CEC Research

Research at the NYU Comprehensive Epilepsy Center

Under the guidance of Drs. Orrin Devinsky, Ruben Kuzniecky, and Jacqueline French, the CEC’s research program is a dedicated priority and an area of continual expansion. Current efforts include new drug development, sudden unexplained death in epilepsy (SUDEP), the genetics of epilepsy, tuberous sclerosis and epilepsy, autism and epilepsy, sleep and memory, neurostimulation, the identification of biomarkers that predict epilepsy outcome, and many others. The research division has been organized into “working groups” which are comprised of clinicians from multiple disciplines, basic science researchers, neuropsychologists, and graduate students who share similar interests. Each working group focuses its effort on one primary problem area in epilepsy and meets on a regular basis. The five working groups (listed below) provide a brief synopsis of primary areas of interest and some ongoing projects.

All fellows interested in research projects are encouraged to speak with the faculty to develop an appropriate hypothesis and refine the experimental methodology so as to optimize the value of the research experience for all involved.

Research Working Groups:

Brain Stimulation/Sleep:

More than 60% of patients with epilepsy suffer from cognitive impairment, with declarative memory dysfunction representing the most common cognitive disturbance. This research group focuses on how memory consolidation is supported by sleep, and how sleep rhythms (such as slow oscillations and spindles) may be perturbed in epilepsy patients to contribute to memory dysfunction.  A secondary focus is to explore how various methods of neurostimulation, including transcranial electrical stimulation (TDCS, TACS), transcranial magnetic stimulation (TMS), acoustic stimulation, and direct cortical stimulation, can be applied to restore and enhance key rhythms supporting memory function.  Several active research projects at the NY Sleep Institute and the NYU Comprehensive Epilepsy Center combine cognitive testing, neurophysiology, and neurostimulation in both epilepsy patients and healthy controls.  The work is a collaboration with basic neuroscientists, cognitive neuroscientists, and biomedical engineers, and is currently funded by the NIH, NYU FACES, and other foundational support.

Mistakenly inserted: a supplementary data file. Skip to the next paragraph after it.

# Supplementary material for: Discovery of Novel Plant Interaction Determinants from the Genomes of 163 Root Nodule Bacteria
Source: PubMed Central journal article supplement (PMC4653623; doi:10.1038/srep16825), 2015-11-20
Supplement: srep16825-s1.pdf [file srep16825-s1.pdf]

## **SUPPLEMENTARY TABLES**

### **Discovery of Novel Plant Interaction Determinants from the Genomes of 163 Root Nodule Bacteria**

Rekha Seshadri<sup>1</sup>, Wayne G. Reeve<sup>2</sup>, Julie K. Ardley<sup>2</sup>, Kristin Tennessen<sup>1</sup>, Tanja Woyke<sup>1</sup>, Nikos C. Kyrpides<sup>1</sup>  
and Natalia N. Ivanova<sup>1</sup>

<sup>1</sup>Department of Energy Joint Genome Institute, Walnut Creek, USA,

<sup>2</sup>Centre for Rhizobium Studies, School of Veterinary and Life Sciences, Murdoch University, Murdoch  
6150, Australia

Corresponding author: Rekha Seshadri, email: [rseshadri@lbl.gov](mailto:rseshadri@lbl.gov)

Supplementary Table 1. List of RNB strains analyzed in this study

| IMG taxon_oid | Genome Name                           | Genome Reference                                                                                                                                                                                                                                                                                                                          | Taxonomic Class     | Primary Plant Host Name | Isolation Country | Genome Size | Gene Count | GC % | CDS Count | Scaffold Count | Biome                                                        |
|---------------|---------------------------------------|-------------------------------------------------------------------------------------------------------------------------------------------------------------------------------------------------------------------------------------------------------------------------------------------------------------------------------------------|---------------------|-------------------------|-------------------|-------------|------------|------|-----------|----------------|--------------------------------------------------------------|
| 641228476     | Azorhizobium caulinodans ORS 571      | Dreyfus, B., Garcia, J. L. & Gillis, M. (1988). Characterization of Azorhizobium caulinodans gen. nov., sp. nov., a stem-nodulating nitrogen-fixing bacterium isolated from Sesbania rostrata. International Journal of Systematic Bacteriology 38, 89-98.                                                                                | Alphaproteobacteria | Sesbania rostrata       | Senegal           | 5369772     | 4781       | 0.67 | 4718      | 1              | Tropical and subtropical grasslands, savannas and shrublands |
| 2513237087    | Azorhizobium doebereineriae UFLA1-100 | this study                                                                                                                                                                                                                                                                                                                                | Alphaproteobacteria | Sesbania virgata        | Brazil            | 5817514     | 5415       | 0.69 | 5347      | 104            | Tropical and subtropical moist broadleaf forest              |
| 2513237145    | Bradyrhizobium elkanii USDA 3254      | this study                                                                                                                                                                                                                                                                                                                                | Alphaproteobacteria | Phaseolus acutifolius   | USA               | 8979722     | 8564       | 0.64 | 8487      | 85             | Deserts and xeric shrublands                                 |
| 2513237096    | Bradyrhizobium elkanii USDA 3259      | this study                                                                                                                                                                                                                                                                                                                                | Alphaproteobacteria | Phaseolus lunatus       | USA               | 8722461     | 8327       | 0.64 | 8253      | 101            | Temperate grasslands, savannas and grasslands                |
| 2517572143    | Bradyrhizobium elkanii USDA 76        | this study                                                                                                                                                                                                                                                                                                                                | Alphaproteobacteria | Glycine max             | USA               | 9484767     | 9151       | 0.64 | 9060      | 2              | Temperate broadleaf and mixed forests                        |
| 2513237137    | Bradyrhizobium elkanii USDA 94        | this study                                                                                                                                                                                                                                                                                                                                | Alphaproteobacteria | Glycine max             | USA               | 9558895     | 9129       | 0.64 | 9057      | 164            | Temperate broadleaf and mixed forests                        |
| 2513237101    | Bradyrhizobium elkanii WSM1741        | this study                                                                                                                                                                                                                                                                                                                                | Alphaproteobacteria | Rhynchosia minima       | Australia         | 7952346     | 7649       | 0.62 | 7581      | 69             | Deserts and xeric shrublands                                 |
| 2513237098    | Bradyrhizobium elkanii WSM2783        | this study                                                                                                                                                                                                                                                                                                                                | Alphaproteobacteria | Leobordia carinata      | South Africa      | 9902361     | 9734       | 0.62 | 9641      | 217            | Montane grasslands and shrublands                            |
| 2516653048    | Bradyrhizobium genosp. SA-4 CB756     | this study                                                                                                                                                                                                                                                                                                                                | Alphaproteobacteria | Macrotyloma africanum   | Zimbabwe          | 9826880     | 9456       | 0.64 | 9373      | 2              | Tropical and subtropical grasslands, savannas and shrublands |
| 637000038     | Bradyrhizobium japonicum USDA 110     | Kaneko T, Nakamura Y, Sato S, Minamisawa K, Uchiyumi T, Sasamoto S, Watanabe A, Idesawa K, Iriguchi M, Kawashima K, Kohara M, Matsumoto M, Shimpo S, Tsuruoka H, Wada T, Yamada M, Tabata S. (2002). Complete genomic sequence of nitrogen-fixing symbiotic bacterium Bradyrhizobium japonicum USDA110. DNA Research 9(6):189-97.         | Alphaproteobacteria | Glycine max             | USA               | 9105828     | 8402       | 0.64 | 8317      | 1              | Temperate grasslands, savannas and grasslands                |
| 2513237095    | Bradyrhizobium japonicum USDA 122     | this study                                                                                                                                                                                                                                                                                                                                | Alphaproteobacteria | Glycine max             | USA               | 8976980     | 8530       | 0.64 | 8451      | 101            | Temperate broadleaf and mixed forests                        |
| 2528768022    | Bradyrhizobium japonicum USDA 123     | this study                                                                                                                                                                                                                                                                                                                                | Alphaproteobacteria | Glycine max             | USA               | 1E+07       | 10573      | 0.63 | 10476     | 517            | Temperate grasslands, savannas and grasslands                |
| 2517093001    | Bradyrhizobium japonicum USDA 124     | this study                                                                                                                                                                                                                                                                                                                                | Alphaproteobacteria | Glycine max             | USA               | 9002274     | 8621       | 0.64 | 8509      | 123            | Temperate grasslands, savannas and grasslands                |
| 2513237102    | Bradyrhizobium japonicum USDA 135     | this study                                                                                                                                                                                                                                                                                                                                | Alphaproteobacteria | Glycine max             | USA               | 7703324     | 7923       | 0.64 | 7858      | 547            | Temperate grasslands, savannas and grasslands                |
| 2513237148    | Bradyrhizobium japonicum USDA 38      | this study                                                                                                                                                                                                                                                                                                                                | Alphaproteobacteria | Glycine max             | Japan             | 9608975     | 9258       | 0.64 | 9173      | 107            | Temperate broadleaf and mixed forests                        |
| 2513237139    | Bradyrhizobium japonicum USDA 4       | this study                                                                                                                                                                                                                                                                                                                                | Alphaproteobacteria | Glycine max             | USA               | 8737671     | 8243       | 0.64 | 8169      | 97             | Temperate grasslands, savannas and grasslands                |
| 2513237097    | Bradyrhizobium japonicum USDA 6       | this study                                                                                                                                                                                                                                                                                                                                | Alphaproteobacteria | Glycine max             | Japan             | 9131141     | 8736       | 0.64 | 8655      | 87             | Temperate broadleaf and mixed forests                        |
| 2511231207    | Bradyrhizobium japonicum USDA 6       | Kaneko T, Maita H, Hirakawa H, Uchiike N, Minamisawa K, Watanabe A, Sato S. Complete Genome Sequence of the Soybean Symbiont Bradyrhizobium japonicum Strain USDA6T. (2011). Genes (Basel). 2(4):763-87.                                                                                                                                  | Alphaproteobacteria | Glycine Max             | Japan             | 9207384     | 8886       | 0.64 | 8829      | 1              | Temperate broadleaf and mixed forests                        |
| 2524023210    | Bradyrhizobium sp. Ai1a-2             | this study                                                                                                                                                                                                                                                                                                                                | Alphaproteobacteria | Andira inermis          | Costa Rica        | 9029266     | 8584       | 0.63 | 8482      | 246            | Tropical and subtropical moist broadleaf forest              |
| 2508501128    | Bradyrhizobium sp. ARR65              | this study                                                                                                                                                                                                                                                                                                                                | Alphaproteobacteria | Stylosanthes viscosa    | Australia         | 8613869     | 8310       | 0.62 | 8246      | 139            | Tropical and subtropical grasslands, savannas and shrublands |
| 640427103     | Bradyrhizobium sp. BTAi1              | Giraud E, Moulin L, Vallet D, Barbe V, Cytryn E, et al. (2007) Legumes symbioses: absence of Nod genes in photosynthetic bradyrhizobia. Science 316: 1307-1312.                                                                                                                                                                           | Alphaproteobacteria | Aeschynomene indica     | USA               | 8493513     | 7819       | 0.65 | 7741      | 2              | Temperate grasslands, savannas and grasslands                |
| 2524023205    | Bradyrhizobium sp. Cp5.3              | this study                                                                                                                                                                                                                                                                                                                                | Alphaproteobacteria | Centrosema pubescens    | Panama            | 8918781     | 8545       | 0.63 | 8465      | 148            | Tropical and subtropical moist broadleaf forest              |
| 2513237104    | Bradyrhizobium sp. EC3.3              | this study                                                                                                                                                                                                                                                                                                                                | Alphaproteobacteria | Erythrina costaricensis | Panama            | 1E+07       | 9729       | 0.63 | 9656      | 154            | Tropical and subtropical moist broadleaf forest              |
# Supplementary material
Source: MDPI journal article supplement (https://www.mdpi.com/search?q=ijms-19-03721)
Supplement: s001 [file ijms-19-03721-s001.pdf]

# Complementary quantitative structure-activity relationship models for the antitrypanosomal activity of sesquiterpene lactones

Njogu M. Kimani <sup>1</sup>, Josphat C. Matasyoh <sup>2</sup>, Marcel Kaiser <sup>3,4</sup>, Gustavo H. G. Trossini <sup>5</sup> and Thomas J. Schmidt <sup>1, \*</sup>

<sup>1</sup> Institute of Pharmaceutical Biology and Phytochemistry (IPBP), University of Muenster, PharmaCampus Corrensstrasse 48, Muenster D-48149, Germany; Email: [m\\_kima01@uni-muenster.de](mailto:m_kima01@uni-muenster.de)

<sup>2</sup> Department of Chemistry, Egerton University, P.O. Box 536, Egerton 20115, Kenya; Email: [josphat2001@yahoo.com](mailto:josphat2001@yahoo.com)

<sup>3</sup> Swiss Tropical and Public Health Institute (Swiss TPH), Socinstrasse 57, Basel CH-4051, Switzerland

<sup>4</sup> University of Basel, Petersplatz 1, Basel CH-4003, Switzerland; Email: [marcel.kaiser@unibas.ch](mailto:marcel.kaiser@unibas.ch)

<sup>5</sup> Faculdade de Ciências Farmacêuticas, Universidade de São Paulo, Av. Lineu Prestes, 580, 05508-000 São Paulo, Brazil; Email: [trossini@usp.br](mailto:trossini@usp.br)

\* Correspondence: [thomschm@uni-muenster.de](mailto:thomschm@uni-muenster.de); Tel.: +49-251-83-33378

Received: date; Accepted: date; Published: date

This group explores ways of improving our understanding of and diagnostic and therapeutic approaches to epilepsy, including explorations of neocortical epilepsy, and generalized epilepsy. Ongoing projects include exploration of cortical and subcortical quantitative changes associated with idiopathic generalized epilepsy, methods for identification of “undetected” (i.e. not seen on clinical review) malformations of cortical development and functional and structural based assessments of changes in cortical and subcortical dynamics in idiopathic generalized epilepsy utilizing resting state methods and tractography. Projects utilizing network connectivity and graph theory are also underway to better understand epilepsy-related networks. In addition, a novel assessment tool for stratifying patients based upon their likelihood of achieving seizure freedom from resective surgery has been retrospectively piloted utilizing a consecutive series of patients. Further methods to classify epilepsy, particularly neocortical epilepsy, are being explored.

Cognitive Neuroscience: